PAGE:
Recently, a federal district court threw more cold water on the ability of a defendant to defend a CFPB action by claiming that the Bureau is unconstitutional. On September 13, 2022, in Bureau of Consumer Financial Protection v. Center for Excellence in Higher Education, No. 2:19-cv-00877 (Sept. 13, 2022), the U.S. District Court for the District of Utah ordered the former operator of several colleges to cooperate with a Civil Investigatory Demand (CID) administrative subpoena issued by the CFPB. The CFPB issued the CID in regards to an investigation of the operator’s private student lending program. The operator failed to comply with the CID, challenging it on the grounds that the CFPB’s structure is unconstitutional and, therefore, it had no authority to issue the CID.
The District Court noted that the operator did not challenge the U.S. Supreme Court’s decision in Seila Law LLC v. Consumer Financial Protection Bureau, 140 S. Ct. 2183 (2020), which held, in part, that even though the appointment and removal mechanism for the CFPB’s Director was unconstitutional, once that aspect of the Bureau’s structure was corrected, the CFPB could continue to exist and operate and the Director could then ratify all prior decisions of the Bureau. In this case, the operator took another tack, arguing that the CFPB is unconstitutionally structured because it is exempted from the appropriations process, which improperly frees the Bureau from congressional control and violates the separation of powers. The District Court did not agree with the operator for two reasons: the first involved procedural matters that were applicable to this particular case and the second was because the District Court believed that dicta in Seila Law case suggested, even though the issue was not directly addressed, that the CFPB’s funding structure is not an unconstitutional delegation of power from Congress to the Executive Branch.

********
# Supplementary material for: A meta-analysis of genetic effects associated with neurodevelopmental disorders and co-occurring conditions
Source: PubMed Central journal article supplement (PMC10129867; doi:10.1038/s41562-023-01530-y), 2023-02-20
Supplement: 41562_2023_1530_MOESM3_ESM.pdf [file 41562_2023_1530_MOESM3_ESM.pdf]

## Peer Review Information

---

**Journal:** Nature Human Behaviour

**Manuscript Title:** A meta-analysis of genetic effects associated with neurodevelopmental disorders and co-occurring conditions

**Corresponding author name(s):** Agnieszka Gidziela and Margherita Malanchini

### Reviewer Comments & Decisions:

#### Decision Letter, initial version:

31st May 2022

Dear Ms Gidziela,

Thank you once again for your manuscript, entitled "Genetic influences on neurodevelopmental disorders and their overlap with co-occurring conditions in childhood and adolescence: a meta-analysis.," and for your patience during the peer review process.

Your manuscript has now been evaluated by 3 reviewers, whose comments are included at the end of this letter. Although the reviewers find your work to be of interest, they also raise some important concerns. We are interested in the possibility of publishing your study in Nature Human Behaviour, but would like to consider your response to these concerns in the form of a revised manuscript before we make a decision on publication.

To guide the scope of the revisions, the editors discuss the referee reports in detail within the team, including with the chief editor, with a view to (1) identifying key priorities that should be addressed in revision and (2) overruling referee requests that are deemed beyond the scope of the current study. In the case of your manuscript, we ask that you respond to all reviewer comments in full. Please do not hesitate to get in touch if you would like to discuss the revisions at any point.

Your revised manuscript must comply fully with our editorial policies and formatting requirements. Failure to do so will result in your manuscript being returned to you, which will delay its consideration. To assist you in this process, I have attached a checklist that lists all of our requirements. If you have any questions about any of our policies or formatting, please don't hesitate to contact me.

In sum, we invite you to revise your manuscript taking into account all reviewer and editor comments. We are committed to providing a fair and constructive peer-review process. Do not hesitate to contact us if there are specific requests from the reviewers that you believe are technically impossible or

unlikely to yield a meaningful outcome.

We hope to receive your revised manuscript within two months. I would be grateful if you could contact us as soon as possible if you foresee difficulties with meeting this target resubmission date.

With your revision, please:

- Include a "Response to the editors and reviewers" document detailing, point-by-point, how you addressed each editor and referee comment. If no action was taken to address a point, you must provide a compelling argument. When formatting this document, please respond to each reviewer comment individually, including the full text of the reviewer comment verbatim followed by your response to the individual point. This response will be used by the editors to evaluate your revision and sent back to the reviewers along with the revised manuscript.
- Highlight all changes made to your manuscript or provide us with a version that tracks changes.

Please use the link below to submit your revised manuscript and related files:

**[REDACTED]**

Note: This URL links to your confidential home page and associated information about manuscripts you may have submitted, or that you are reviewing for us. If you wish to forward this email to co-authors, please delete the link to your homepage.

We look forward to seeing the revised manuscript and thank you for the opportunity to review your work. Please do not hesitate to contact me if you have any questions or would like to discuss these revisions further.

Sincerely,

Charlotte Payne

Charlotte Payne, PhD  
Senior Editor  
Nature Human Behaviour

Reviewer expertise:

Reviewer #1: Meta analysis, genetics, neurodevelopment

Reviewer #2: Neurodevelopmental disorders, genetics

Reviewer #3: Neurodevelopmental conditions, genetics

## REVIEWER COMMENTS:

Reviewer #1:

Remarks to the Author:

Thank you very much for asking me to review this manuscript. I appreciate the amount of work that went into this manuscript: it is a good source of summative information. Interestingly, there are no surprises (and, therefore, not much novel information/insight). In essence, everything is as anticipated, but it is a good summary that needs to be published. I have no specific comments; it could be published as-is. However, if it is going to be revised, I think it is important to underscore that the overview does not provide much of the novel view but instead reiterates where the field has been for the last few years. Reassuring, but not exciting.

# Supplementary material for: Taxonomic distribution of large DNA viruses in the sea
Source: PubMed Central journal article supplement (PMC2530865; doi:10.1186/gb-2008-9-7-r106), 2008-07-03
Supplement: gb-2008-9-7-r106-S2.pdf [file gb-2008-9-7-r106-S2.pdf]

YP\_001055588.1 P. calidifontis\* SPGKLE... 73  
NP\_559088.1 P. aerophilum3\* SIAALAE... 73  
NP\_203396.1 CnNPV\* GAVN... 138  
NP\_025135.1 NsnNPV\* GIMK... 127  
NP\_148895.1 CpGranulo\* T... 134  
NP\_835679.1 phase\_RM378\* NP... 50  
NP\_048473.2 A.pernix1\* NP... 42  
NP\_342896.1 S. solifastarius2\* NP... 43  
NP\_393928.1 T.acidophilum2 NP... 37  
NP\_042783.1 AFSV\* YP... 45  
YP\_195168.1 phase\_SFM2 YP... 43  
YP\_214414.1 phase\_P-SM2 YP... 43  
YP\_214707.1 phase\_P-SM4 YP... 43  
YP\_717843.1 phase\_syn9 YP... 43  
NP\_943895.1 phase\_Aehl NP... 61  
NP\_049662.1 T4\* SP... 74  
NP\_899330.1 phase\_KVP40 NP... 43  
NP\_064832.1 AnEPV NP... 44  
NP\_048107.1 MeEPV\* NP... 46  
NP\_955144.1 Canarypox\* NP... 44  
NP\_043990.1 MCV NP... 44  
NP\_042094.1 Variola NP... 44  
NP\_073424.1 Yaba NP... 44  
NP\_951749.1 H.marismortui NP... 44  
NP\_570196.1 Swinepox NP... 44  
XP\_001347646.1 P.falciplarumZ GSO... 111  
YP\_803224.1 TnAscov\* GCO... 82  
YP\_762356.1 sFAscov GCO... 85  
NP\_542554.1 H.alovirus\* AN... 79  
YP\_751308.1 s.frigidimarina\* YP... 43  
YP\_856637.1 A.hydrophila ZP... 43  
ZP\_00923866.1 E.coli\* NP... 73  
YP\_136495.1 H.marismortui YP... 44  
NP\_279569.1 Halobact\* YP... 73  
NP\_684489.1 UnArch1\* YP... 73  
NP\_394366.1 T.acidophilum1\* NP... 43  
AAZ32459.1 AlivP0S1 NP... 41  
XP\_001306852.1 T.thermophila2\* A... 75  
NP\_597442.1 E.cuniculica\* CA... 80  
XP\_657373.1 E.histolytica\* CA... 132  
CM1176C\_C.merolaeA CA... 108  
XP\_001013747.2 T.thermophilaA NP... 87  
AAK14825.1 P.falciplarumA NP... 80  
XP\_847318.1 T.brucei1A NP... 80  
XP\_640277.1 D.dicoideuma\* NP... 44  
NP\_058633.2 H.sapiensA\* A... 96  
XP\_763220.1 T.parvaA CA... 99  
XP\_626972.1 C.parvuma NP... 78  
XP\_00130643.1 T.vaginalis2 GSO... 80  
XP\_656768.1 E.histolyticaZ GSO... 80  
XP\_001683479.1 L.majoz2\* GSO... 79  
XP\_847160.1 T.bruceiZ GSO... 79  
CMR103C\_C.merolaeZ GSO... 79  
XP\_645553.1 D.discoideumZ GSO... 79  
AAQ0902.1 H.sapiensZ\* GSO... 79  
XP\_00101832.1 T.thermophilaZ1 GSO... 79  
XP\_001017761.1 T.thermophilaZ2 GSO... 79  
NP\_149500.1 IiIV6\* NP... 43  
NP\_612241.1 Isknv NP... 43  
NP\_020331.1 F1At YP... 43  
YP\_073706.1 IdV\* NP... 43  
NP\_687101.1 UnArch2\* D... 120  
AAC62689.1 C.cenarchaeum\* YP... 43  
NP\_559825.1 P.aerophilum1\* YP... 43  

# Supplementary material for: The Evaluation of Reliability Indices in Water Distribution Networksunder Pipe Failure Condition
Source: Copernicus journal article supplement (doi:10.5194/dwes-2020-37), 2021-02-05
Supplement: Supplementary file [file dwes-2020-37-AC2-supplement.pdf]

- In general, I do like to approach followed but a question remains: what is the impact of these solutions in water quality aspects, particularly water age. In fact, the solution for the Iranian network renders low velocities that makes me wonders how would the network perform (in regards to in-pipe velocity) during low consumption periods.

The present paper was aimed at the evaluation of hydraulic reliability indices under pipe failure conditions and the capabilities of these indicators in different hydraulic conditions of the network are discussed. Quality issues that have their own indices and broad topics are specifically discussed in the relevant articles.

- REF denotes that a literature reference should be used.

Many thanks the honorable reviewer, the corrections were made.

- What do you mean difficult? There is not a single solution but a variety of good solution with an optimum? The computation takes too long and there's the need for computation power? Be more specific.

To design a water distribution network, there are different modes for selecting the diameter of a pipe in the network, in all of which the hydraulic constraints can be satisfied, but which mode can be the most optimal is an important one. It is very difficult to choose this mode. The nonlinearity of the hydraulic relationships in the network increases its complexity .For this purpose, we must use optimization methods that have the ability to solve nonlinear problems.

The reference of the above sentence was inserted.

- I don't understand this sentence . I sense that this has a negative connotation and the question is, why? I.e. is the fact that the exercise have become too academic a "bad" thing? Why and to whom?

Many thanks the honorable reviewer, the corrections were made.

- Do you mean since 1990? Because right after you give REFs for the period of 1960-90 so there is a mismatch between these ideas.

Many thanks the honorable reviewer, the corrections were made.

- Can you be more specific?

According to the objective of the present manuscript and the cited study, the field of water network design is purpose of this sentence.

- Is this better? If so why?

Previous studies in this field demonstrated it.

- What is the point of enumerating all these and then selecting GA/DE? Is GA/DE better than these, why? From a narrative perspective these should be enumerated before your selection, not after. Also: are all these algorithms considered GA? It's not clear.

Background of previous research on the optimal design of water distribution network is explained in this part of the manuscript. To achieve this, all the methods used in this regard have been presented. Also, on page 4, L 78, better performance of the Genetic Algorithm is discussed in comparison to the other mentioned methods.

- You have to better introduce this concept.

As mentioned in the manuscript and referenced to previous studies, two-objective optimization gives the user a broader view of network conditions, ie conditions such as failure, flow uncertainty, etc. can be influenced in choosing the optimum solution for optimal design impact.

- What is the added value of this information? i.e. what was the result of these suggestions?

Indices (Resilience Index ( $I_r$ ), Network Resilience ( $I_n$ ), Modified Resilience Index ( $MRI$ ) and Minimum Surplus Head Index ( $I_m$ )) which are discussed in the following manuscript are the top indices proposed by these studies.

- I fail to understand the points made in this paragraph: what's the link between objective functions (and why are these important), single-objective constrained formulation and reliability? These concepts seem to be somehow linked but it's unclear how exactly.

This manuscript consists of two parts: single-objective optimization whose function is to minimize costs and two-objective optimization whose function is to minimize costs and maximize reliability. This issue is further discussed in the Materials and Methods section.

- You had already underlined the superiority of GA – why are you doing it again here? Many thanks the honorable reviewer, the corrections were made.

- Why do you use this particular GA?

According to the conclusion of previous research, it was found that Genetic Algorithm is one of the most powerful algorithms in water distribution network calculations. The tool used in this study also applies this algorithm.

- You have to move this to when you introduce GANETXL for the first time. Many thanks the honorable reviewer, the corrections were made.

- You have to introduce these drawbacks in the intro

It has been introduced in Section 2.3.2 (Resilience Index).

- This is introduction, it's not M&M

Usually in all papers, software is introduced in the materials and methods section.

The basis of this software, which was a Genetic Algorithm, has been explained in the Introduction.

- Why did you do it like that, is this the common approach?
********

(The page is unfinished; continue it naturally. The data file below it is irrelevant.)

The operator was therefore ordered to comply with the CID.